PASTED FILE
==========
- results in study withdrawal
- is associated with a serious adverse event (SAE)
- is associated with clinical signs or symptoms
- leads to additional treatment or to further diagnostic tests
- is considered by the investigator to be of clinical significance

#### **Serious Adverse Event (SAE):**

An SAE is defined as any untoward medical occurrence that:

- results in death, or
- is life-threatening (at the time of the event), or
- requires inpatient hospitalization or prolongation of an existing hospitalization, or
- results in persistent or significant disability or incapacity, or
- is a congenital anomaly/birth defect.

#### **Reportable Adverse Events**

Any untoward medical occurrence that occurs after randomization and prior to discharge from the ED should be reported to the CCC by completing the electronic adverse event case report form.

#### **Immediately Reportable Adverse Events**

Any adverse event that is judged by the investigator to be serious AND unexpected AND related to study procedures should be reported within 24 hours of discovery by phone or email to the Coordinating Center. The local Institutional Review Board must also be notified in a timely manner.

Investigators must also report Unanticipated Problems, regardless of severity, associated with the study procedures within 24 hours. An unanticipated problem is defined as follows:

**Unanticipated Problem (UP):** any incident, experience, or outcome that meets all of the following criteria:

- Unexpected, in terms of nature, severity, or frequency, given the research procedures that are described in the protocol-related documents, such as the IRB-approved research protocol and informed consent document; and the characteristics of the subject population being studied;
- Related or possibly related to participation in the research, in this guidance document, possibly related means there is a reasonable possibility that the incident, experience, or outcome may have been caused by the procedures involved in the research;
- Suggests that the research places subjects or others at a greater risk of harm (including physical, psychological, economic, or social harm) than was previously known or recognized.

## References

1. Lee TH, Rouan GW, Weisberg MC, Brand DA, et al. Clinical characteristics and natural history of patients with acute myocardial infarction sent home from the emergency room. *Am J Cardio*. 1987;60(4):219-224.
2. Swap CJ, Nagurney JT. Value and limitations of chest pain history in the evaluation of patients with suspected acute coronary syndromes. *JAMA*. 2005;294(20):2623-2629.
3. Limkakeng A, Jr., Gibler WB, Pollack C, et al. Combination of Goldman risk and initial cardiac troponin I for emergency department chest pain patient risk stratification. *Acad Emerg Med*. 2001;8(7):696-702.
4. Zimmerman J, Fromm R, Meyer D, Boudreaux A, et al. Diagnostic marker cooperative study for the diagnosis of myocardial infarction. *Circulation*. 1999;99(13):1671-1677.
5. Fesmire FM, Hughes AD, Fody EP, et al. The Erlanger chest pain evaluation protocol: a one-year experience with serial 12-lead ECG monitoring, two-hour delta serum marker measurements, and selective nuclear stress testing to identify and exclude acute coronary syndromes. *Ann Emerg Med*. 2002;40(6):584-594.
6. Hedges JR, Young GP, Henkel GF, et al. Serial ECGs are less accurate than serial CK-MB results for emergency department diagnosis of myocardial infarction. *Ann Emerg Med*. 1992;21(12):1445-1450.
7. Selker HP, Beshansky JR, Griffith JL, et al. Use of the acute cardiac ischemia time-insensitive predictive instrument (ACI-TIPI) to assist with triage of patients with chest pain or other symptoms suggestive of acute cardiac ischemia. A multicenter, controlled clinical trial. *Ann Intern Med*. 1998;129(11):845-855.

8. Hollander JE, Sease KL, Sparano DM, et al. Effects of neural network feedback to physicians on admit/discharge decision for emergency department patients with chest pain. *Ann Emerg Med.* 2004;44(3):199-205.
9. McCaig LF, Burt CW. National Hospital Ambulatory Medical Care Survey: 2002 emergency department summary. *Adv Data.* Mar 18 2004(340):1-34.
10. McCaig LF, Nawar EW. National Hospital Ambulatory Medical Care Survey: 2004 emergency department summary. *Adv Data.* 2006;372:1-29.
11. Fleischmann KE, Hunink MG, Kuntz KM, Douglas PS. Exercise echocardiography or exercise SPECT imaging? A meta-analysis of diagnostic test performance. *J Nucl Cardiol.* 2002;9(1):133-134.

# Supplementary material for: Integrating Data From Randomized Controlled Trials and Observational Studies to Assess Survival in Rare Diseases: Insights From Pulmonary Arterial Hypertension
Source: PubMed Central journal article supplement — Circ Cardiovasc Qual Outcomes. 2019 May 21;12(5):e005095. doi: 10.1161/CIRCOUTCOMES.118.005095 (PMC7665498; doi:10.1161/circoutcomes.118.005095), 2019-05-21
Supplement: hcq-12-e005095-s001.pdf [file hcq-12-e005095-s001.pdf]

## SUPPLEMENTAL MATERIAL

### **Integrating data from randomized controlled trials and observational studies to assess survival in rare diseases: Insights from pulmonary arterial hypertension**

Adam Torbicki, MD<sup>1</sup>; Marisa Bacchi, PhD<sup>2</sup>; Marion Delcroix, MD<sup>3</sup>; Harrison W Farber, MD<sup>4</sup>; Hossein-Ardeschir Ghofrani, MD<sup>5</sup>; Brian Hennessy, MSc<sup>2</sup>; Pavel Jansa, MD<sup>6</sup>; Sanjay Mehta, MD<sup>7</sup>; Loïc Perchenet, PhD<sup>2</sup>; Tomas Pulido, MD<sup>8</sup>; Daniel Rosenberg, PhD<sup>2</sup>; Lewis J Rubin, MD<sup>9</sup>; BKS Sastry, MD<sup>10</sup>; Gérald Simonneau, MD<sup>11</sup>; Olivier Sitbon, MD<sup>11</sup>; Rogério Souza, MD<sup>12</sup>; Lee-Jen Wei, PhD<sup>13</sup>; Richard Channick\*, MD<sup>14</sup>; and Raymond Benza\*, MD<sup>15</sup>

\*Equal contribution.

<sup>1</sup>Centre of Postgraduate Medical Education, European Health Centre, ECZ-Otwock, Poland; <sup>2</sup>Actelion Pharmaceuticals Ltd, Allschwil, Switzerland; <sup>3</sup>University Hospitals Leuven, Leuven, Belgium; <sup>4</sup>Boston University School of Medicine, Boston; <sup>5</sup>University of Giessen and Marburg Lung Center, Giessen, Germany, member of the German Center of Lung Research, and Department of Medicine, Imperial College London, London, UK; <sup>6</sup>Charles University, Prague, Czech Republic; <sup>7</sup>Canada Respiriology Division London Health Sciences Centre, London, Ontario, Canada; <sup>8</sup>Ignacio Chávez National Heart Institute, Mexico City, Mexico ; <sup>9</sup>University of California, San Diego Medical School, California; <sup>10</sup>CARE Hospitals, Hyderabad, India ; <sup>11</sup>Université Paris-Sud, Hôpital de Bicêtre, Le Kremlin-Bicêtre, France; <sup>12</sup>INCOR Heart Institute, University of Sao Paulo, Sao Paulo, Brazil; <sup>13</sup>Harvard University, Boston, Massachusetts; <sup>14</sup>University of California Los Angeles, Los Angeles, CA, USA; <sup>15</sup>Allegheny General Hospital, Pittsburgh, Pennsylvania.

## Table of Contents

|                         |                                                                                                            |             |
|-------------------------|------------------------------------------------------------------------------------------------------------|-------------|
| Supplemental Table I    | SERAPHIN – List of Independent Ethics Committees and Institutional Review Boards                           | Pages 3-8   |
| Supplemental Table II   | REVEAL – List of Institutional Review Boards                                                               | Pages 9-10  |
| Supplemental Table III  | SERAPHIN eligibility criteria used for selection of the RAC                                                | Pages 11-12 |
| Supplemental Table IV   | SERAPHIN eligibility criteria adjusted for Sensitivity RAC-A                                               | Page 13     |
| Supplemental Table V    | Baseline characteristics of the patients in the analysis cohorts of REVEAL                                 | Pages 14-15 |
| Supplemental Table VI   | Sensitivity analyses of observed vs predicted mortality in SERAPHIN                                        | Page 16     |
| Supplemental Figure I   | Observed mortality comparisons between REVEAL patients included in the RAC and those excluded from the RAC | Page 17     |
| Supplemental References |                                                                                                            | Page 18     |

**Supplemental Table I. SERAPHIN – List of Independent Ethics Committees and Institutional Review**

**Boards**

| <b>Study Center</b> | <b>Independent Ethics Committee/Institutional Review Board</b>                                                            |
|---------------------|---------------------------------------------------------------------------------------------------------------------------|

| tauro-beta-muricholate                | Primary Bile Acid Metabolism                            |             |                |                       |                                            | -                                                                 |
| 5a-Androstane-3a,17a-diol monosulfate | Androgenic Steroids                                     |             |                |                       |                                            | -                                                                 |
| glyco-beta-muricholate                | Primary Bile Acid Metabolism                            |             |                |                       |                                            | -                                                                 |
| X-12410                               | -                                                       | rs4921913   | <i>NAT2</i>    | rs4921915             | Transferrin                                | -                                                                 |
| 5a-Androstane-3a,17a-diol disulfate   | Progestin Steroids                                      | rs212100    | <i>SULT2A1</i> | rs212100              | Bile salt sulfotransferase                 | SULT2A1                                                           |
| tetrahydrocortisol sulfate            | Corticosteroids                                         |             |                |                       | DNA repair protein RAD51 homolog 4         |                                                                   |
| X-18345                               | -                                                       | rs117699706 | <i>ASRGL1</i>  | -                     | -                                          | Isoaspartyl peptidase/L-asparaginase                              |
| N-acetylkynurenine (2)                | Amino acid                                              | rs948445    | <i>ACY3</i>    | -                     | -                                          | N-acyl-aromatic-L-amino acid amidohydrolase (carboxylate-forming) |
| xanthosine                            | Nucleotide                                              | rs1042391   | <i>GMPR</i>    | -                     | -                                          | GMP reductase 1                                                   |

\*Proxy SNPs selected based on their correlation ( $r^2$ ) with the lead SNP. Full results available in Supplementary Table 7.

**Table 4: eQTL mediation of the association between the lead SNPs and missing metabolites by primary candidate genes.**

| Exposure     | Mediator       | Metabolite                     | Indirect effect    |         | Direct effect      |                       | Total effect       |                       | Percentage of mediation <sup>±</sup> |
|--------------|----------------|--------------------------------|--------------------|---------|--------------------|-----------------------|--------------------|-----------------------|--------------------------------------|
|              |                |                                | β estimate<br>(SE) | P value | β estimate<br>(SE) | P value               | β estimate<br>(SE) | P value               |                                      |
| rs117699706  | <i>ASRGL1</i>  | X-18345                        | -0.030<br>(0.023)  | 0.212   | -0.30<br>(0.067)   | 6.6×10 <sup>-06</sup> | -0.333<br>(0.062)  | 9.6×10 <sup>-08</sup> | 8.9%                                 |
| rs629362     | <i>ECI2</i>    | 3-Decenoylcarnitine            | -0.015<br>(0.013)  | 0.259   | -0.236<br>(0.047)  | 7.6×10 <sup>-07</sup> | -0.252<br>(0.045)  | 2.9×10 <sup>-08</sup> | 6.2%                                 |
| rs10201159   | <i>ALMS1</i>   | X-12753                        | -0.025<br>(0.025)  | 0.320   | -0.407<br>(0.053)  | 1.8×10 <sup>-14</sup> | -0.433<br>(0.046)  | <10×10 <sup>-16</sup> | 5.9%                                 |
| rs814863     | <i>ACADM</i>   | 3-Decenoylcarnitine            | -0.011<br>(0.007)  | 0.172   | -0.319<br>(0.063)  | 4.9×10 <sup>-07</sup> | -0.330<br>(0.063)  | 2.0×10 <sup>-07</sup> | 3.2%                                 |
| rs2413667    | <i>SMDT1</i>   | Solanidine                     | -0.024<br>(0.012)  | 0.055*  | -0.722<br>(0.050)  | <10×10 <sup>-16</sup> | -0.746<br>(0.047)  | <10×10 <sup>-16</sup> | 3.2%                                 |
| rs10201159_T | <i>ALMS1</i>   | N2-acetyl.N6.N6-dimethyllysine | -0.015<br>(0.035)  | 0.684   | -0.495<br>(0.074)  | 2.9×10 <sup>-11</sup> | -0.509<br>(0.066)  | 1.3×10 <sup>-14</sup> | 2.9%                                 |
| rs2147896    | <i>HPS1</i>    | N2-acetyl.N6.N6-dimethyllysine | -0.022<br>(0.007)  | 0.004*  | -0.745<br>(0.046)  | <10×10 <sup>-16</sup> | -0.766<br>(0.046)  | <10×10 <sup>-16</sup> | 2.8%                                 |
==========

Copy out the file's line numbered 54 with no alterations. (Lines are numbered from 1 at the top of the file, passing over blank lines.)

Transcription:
**Boards**